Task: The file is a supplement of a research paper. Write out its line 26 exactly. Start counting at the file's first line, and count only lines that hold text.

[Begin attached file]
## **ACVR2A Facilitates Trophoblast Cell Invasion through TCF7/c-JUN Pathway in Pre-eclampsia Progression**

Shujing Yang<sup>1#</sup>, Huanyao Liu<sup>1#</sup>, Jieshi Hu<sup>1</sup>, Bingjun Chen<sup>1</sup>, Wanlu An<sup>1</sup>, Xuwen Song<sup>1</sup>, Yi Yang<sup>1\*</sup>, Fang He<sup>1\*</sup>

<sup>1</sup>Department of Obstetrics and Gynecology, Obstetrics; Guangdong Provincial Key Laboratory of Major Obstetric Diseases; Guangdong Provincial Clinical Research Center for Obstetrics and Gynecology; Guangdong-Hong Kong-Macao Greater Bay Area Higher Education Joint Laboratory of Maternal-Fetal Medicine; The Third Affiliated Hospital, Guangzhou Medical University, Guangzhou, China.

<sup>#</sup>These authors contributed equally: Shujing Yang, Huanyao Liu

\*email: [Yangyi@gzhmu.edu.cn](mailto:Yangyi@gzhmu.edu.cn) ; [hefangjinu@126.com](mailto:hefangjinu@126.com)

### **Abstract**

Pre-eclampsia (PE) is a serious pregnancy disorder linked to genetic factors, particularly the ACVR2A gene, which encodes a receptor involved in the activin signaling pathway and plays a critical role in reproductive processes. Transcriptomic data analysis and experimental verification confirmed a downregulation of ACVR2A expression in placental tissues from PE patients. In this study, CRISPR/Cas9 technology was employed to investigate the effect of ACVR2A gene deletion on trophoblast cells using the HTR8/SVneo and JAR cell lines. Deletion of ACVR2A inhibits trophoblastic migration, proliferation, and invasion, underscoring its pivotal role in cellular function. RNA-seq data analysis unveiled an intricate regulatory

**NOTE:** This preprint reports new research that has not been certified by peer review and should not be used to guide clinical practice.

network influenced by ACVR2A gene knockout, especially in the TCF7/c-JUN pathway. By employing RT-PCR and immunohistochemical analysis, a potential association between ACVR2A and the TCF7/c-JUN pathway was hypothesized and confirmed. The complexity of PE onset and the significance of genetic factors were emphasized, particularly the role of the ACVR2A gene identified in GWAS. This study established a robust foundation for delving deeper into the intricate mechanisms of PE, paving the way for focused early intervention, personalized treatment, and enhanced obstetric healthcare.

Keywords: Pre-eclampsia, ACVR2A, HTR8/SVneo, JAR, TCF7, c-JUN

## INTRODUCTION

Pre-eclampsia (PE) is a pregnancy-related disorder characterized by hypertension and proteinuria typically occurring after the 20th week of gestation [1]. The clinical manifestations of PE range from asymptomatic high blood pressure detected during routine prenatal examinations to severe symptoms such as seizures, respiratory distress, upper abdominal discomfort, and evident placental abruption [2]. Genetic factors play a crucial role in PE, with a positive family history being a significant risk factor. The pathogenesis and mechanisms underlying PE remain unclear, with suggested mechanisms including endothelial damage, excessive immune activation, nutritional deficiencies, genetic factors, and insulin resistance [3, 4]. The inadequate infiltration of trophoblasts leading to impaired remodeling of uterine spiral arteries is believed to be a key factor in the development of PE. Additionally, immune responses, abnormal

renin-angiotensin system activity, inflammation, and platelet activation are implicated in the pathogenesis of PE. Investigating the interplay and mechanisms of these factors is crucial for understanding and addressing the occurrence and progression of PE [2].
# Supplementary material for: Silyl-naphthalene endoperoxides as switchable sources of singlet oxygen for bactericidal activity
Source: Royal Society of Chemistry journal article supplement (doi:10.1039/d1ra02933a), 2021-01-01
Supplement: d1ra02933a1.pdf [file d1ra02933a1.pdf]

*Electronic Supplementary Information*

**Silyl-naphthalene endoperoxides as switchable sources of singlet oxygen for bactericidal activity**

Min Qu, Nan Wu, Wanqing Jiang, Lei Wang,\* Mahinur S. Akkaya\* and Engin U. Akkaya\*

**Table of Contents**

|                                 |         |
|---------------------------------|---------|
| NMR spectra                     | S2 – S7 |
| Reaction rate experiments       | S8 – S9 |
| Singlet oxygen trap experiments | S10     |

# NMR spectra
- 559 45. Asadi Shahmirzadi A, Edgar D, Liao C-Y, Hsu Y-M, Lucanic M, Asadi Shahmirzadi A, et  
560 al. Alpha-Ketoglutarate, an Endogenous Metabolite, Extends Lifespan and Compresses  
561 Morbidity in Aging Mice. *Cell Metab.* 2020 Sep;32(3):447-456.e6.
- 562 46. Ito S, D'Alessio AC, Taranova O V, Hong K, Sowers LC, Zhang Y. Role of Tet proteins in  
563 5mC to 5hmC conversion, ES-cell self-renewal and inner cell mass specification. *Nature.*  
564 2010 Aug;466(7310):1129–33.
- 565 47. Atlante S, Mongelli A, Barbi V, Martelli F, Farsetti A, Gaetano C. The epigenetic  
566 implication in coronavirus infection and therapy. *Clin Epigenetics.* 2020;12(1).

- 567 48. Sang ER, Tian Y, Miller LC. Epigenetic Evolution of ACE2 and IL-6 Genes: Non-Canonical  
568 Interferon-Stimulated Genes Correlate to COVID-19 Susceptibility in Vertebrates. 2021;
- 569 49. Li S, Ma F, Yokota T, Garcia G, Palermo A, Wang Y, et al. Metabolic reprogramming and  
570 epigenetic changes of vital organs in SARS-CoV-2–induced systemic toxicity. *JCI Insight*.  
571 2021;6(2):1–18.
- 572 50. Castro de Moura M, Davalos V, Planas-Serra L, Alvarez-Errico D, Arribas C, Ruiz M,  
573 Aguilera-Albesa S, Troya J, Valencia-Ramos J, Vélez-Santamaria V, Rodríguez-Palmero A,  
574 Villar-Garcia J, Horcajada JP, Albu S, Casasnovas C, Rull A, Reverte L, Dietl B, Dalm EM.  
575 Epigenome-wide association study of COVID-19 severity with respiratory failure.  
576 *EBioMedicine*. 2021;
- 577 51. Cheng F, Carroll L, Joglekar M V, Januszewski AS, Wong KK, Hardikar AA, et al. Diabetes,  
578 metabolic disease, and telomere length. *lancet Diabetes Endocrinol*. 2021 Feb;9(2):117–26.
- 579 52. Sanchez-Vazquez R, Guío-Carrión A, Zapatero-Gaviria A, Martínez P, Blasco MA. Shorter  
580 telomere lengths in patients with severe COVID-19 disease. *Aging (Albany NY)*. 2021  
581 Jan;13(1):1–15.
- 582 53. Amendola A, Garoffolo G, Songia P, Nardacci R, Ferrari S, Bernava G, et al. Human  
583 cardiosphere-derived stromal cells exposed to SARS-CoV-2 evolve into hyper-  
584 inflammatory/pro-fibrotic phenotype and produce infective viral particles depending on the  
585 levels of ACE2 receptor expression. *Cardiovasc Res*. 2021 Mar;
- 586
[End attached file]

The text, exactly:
# NMR spectra